Why we’re all so weird about money

By Caitlin Kelly

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Few issues are as fraught with emotion as how we get, spend, save or give away our money.

If you don’t have enough to survive, every day becomes an emotionally and physically exhausting battle.

And when you live in a country devoted to bare-knuckled capitalism like the United States, if you don’t have enough, the social safety net is weak and thin.

The federal minimum wage is still an absurd $7.25 an hour — I’ve never paid any of my part-time assistants less than $12 an hour, even 15 years ago.

American unions now have the lowest membership in a century, even as one third of American workers lurch into what’s now widely and risibly called the “gig economy”, a jaunty and inaccurate euphemism for fiscal insecurity.

This week Richard Thaler just won the Nobel Prize for Economics.

From The New York Times:

 

Professor Thaler’s academic work can be summarized as a long series of demonstrations that standard economic theories do not describe actual human behavior.

For example, he showed that people do not regard all money as created equal. When gas prices decline, standard economic theory predicts that people will use the savings for whatever they need most, which is probably not additional gasoline. In reality, people still spend much of the money on gas. They buy premium gas even if it is bad for their car. In other words: They treat a certain slice of their budget as gas money.

He also showed that people place a higher value on their own possessions. In a famous experiment, he and two co-authors distributed coffee mugs to half of the students in a classroom, and then opened a market in mugs. Students randomly given a mug regarded it as twice as valuable as did the students who were not given a mug.

This “endowment effect” has since been demonstrated in a wide range of situations. It helps to explain why real markets do not work as well as chalkboard models.

Money is so often a proxy for other, often deeper, darker issues: power, control, status, humiliation, (why Hollywood power broker Harvey Weinstein could be a sexual predator and so many people who relied on his goodwill to help them get or stay rich remained silent for so long.)

I’ve been fairly obsessed with money for a long time.

It’s caused no end of drama within my family and I’ve been handling my finances alone since I was 19 and moved out of my father’s home to live alone in a large city and pay for university from my earnings as a writer and photographer, with a small monthly income from a grandmother.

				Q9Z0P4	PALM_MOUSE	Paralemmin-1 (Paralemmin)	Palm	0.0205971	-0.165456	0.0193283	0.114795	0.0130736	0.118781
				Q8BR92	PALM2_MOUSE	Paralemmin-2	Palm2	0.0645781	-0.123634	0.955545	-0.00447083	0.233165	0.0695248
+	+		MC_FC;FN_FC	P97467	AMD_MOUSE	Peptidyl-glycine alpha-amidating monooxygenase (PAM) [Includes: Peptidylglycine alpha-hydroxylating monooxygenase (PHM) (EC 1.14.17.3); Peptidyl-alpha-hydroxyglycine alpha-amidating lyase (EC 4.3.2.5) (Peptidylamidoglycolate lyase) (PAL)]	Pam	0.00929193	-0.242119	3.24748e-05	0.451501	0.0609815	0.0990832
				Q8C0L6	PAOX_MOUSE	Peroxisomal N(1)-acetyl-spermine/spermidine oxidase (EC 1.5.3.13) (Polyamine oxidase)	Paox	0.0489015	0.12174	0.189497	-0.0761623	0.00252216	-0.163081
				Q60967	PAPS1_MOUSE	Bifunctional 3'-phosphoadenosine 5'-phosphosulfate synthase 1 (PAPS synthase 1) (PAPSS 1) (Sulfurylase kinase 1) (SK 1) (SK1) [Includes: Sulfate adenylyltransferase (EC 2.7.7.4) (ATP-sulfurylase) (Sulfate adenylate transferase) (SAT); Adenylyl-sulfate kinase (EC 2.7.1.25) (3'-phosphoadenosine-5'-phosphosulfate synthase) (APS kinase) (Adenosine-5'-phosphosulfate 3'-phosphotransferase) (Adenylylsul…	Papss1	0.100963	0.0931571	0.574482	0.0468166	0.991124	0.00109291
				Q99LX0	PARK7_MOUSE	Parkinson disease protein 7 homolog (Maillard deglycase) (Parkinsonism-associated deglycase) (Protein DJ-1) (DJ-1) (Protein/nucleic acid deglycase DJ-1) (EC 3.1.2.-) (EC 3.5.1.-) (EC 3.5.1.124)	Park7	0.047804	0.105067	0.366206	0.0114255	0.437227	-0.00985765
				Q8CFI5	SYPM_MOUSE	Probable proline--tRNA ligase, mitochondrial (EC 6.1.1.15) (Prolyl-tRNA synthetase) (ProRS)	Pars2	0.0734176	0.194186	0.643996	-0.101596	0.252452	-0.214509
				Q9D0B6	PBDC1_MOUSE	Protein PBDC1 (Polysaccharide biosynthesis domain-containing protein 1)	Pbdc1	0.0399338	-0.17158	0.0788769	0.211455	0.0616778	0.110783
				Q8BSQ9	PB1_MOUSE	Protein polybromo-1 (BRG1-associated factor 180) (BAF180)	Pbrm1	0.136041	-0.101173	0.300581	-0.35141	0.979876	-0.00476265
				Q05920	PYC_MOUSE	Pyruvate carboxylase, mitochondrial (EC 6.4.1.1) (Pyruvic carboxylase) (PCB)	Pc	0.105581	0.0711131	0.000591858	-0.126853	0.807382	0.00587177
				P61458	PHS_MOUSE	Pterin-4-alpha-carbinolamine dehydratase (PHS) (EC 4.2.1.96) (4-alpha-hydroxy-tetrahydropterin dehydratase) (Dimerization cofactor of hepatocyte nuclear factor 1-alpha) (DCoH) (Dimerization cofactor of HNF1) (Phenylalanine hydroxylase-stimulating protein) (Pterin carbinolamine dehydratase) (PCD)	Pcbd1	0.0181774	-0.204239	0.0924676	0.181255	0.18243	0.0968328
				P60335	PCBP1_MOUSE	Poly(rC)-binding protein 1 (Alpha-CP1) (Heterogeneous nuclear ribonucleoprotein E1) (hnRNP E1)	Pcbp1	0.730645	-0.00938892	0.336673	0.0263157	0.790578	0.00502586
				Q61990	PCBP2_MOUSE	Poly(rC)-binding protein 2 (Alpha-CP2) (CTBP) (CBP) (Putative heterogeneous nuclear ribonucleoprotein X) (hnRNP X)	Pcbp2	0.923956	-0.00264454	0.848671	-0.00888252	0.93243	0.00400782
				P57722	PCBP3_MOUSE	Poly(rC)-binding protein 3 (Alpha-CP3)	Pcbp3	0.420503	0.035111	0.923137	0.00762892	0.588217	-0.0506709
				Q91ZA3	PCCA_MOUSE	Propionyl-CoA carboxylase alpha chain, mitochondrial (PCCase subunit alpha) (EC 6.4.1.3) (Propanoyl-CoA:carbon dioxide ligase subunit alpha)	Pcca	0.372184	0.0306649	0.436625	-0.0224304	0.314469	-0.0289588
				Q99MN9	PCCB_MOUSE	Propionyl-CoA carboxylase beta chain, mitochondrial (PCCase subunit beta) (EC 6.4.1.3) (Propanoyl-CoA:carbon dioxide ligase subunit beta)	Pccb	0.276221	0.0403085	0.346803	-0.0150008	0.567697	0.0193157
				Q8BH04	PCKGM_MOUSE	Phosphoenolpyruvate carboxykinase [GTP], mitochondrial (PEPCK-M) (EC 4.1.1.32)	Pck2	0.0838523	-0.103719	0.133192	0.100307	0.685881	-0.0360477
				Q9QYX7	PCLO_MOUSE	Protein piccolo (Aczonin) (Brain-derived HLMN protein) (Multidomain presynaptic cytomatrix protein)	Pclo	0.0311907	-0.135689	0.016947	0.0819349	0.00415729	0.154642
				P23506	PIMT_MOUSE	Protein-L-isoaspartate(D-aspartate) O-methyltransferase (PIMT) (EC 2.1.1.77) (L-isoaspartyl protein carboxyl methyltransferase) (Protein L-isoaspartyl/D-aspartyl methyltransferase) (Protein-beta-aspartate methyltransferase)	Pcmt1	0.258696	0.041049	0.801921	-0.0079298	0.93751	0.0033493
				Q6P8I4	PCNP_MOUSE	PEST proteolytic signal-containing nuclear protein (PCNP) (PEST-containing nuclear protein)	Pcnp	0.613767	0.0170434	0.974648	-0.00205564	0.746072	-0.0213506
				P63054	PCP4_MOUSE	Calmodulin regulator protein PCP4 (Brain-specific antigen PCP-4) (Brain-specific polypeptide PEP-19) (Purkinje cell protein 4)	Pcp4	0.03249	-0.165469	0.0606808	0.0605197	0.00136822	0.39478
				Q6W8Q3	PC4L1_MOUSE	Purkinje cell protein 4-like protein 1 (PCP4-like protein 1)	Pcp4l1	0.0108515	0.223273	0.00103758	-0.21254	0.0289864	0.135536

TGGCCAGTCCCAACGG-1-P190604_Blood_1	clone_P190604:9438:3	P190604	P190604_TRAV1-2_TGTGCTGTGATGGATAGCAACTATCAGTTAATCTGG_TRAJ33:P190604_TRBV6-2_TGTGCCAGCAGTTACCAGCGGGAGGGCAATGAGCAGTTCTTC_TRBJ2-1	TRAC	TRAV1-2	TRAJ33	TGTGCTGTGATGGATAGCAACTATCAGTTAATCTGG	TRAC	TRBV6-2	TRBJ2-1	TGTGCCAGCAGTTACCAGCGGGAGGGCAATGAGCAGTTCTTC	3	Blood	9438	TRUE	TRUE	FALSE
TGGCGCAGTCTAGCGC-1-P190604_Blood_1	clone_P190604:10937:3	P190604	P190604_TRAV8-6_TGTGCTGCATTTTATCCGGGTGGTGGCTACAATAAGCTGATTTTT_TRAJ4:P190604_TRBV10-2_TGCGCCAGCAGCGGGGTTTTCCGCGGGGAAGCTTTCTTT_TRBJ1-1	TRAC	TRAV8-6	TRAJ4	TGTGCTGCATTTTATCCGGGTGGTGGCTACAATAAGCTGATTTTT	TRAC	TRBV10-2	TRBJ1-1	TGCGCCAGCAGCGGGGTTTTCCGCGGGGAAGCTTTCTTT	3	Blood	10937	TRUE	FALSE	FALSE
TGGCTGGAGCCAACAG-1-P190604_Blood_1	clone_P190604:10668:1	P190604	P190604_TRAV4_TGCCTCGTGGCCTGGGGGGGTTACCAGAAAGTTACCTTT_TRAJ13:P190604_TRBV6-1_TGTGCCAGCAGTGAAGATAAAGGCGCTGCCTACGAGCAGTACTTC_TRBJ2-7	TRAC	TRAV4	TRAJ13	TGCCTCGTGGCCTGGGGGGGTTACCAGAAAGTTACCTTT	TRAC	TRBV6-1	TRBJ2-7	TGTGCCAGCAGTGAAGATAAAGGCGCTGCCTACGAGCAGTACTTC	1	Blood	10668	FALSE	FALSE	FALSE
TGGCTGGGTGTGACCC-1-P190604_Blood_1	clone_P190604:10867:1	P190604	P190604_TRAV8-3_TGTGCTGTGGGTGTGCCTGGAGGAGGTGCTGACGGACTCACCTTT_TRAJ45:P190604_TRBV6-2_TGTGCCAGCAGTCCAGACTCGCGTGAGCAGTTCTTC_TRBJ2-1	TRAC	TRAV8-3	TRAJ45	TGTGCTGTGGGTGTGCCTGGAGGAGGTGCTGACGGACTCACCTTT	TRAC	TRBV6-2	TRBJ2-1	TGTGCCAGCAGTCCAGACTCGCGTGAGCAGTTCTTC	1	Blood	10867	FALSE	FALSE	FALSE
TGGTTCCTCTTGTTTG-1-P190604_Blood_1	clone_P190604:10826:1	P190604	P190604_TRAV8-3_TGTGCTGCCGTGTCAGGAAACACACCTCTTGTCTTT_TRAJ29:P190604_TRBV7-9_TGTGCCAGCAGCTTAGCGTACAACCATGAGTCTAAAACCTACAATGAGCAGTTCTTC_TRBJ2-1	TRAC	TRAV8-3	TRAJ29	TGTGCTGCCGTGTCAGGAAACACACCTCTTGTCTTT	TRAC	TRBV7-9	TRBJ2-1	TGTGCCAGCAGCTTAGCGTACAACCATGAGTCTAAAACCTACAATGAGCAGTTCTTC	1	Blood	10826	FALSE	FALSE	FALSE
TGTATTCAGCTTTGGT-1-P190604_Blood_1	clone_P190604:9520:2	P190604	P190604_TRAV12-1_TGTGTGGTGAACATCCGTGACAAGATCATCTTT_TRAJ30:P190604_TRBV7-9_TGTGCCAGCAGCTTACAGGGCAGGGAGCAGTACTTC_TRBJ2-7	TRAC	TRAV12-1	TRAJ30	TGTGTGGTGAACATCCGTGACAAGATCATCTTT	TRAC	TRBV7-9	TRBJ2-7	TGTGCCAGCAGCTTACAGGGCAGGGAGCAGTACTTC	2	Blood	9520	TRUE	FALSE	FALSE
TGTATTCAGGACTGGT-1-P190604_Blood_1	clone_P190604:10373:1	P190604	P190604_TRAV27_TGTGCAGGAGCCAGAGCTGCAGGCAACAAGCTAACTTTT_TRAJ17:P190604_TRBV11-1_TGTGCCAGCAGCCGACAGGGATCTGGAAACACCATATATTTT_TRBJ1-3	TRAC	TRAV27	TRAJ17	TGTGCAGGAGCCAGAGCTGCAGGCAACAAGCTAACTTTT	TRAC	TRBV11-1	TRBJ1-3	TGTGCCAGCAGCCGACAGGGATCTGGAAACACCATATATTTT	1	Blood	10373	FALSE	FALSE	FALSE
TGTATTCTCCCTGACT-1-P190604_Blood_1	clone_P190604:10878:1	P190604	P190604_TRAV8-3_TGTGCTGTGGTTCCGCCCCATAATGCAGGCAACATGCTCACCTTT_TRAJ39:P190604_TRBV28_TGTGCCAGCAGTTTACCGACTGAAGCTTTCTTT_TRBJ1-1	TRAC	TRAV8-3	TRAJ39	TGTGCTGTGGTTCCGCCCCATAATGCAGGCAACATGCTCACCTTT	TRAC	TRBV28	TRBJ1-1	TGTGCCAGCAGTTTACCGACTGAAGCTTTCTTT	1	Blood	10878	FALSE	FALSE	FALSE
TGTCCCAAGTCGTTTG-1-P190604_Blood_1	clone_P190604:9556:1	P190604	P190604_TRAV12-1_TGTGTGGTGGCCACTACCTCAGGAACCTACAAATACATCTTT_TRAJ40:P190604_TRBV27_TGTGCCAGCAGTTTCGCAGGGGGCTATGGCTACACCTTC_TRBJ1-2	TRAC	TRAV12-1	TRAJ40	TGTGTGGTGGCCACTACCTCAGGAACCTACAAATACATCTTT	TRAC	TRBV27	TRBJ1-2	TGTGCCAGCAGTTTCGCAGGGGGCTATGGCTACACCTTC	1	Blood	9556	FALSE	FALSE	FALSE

It taught me very early to know my worth and to bargain hard for it. I still remember the joy of earning 18 percent on a Canada Savings Bond, whose value quickly doubled.

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One place I do spend money freely — travel

 

I also remember vividly being so strapped then that it took me months to save the $30 I needed to buy tights and slippers so I could attend a free ballet class.

My living expenses were phone/rent/tuition/books/clothes/groceries/answering machine.

No car. No TV. No cable.

My family has plenty of dough, but made clear to me to never ask for a penny of it, nor ever expect to run home for help. I inherited some money from my grandmother in my mid-20s, which helped me to to buy an apartment, a security for which I’m very grateful as I’ve bounced in and out of the job market, survived three recessions and work as a full-time freelance journalist — an industry now in complete chaos.

I break into a sweat when spending money on more than the basics; (except for making our home lovely and travel.)

My cellphone and computer are probably four or five years old, (no big deal.)

But our Subaru has 180,000 miles on it, is 16 years old and cost us $1,800 in repairs in recent months — so we’re finally about to lease a gorgeous luxury vehicle.

The thought of committing to anything beyond our monthly health insurance and mortgage payments is scary even though we have the cash, (money we’ve saved for years), and emergency savings, so this is not — as Thaler would nod knowingly — 100 percent rational thinking.

 

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Airfares? I’ll splurge on those…

 

Some of the financial challenges I see so many women struggling with:

1) being scared to ask for more (i.e. raises, bonuses, negotiating a higher salary or fees)

2) giving money and gifts to children and grand-children to their own financial detriment

3) under-earning because of sexism, racism or other institutional barriers

4) under-earning while taking time away from paid work to care for children and/or others

5) failing to understand the devastating financial impact of divorce and planning for that. I had a prenuptial agreement in my first marriage and could have ended up in very dire straits without it.

 

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Does handling and managing your money cause you anxiety?


 

Are Women Still Fiscally Illiterate? What's In Your Wallet?

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A new website for women, designed to help us figure out to better handle our money, has received $4.5 million from Accel Partners, a venture capital firm.

The site, LearnVest, is the idea of a 26-year-old Harvard grad, Alexa von Tobel, reports The New York Times:

Ms. von Tobel came up with the idea for LearnVest in 2006, during her senior year at Harvard. She speaks at an auctioneer’s pace and uses tidbits from Warren Buffett and neuropsychology to bolster her arguments. Yet in 2006, when she had a job offer from Morgan Stanley’s hedge fund, she realized there was something she was not confident about: managing her finances.